Monday, March 18, 2013

Mitsuyado Sei-men

There's a Japanese noodle shop I've been frequenting these last few months, bringing different sets of friends to introduce it to. But with the hot months set to prevail upon the country I'm afraid I won't be going back there soon.

The restaurant has a very short menu. And most of the showcase items - noodles in thick, rich, visibly oily soups - seem to have been made for colder climes. It's a Japanese restaurant, after all. 

Occupying a whole page of the 3-page menu is the tsuke-men, claimed to be the current rage in Japan. A sort of deconstructed ramen, it's wonderful with its thick, absolutely chewy noodles that is more substantial than ramen but is short of the ampleness of udon. 

The noodles are served separately from the soup, because they are dipping noodles. The bowl of robust soup, or more appropriately dipping sauce, calls to mind a boiled down kalbi-jim. Richness is cut down by an undercurrent of kumquat, or probably yuzu. So that you come to understand why the noodles have to be cut that fat.
The restaurant prides itself in its soups - so much so that salt is unneeded. You are invited to yield to the layering of flavors. In the myriad of bottles in the condiment tray that entices one to shake and douse and sprinkle, not a bottle of table salt can be found. I tend to hog the chili-sesame oil - heat is mandatory after several spoonfuls of richness.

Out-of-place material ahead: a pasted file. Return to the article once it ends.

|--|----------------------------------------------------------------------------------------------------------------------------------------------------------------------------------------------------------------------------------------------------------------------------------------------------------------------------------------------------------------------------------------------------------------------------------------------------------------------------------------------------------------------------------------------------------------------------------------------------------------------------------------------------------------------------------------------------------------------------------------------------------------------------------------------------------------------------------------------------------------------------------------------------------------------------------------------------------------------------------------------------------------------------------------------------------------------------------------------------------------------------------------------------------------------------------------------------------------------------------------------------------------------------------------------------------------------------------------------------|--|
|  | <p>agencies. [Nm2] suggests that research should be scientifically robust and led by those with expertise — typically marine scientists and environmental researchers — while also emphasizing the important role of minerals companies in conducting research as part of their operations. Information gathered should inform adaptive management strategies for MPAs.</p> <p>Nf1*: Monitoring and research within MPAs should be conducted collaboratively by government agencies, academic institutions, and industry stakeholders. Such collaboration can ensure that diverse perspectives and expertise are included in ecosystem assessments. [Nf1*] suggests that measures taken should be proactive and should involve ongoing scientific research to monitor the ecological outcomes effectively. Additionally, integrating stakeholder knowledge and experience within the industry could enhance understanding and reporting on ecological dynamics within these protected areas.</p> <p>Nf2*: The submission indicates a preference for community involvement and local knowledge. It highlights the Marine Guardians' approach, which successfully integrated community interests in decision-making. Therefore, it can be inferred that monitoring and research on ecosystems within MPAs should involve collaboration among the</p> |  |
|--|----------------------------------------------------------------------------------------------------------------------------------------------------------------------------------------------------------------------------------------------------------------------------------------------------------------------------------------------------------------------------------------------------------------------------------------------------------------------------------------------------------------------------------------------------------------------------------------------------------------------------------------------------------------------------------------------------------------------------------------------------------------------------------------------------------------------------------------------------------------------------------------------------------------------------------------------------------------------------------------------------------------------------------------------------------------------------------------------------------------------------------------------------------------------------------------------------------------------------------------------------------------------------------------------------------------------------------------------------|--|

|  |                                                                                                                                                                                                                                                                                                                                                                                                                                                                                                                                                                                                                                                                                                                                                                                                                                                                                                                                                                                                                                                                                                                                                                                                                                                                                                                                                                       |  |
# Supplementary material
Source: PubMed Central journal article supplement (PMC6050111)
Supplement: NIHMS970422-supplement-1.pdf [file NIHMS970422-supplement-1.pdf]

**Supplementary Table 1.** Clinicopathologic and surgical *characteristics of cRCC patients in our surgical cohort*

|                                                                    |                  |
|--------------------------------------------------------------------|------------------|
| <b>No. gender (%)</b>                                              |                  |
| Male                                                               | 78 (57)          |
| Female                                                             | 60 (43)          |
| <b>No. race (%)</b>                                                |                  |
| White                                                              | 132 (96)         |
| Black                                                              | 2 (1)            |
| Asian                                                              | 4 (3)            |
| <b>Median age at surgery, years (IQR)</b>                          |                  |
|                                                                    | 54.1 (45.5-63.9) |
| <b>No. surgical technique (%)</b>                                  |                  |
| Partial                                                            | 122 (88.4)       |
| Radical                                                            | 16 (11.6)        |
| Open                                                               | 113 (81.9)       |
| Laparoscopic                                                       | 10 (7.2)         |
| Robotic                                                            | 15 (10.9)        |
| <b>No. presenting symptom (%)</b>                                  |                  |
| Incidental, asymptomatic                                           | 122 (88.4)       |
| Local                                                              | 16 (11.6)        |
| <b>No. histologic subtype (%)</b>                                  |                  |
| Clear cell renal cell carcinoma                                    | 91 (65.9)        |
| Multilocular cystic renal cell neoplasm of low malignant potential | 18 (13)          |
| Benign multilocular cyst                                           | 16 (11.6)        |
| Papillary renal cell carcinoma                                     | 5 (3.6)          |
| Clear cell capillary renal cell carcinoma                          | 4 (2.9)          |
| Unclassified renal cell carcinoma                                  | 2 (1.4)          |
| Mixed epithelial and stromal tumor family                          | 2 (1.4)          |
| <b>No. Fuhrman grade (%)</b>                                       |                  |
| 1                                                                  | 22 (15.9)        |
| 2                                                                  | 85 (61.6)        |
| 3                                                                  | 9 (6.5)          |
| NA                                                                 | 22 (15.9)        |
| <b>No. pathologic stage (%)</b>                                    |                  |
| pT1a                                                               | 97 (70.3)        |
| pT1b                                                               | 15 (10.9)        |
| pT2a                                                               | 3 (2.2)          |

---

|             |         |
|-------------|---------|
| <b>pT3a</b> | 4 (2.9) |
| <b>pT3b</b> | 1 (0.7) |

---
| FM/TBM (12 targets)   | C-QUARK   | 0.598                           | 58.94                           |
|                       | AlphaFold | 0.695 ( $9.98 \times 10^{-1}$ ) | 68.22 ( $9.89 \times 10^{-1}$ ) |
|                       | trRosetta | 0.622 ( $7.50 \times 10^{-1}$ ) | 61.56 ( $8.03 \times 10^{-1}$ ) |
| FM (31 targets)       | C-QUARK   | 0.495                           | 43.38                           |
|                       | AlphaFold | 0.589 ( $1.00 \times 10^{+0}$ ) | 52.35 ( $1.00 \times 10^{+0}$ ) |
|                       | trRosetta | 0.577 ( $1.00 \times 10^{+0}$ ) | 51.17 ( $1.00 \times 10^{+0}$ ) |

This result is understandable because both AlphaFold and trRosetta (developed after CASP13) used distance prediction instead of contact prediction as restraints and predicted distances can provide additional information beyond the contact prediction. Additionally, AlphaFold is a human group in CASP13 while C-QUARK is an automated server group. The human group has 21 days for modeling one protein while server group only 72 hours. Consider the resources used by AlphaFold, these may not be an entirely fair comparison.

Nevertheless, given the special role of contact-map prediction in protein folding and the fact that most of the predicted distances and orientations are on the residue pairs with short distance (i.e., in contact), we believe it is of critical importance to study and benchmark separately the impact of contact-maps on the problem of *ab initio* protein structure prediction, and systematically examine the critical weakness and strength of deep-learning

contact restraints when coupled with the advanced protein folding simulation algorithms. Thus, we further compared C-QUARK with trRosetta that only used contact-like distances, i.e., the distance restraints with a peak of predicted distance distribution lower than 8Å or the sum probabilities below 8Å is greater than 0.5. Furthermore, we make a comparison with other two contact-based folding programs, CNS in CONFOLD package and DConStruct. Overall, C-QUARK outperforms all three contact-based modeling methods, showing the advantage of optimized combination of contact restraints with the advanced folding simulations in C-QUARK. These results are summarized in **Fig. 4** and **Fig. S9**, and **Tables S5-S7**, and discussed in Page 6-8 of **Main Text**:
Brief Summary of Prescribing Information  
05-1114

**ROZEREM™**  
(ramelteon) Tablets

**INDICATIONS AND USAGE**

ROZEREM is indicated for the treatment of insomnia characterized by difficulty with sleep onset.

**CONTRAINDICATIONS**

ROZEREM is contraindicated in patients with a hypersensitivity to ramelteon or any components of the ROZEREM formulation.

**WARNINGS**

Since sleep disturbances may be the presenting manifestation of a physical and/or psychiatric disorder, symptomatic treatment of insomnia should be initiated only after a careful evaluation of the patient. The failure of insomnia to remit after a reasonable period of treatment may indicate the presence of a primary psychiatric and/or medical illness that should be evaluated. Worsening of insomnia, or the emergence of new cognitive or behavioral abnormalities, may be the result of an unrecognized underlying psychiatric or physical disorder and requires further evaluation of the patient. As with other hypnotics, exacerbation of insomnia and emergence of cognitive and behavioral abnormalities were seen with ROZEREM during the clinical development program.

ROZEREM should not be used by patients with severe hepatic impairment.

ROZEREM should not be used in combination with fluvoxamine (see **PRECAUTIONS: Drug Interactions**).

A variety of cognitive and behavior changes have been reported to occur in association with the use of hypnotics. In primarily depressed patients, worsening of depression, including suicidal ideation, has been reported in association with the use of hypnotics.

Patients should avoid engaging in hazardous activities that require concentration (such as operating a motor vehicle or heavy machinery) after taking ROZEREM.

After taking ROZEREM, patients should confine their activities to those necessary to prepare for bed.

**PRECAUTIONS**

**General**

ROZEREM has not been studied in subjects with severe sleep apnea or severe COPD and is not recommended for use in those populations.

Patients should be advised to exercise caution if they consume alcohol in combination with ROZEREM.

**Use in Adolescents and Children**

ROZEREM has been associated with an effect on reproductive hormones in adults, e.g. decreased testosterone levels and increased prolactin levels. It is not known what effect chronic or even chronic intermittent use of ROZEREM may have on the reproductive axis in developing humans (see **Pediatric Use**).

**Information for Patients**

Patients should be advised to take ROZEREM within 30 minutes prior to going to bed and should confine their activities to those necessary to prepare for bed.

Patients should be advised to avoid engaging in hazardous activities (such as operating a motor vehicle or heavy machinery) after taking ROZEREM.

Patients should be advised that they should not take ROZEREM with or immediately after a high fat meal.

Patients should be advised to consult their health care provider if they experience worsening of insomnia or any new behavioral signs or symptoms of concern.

Particularly since the specialty of the house is cha-siu - paper-thin cuts of pork belly that all but melts in your tongue like a smear of butter. Good quality butter. It's as creamy, too.
There are several variants of ramen, and you can choose which noodles to come with it. I like ramen, so I order the thin noodles, but they're still broad enough. And that is because the ramen broths are full-bodied, too, with a sheen from the coating of oil. My spicy miso ramen is blood-red, but the heat isn't enough and it soon cloys.  
In February there was a limited run of squid noodles in ramen and kae-soba versions. I tried the ramen, and the broth was black from the ika ink. There were a lot of things going on, on top - sauteed tomatoes, a slice of that cha-siu, silky soft-boiled egg, grated horseradish, chopped leeks and some pickles. 

Sadly, all those things weren't powerful enough individually to contradict one another. The pickles weren't sour enough, the tomatoes bland, the horseradish lacking its characteristic zing. Even the squid flavor, despite all that darkness, was missing. To top it all off, the squid was rubbery. 

Good thing the ika promo has been replaced. Ongoing is a shrimp and salmon kae-soba promo for Lent.

After all the lavish dishes I find comfort in what's simple. Like a plate of simply salted steamed edamame. How I licked those grains of salt! And the crackly chewy gyoza, which must be the best I've tried. I can't remember which gyoza I used to like best, but this now tops the list. It makes me forget all the rest.

That velvety soft-boiled egg can be ordered by itself, along with a side of simply steamed yasai. If I go back these are just what I'd order - I've had enough of luxuriousness for a while.
It's marvelous, though, to step from the street into a place that makes you think you stepped into a hidden alley.  
With a noodle cart, the al fresco ambience is completed by roughly paved floors imitating old Japanese streets. There's a wall of broken tiles - as it was in Hiroshima, perhaps?

Mitsuyado Sei-men, House of Tsukemen
22 Jupiter Street, Bel-Air, Makati City
(632) 511-1390, 511-1759

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Anonymous said...

Excellent writing! After reading your review, I suddenly had the urge to return to that hidden Japanese alley. So when's our next trip? Tomorrow perhaps? Ed of Jinan ;-)

Kai said...

Ed, you know you only have to appear at my doorstep....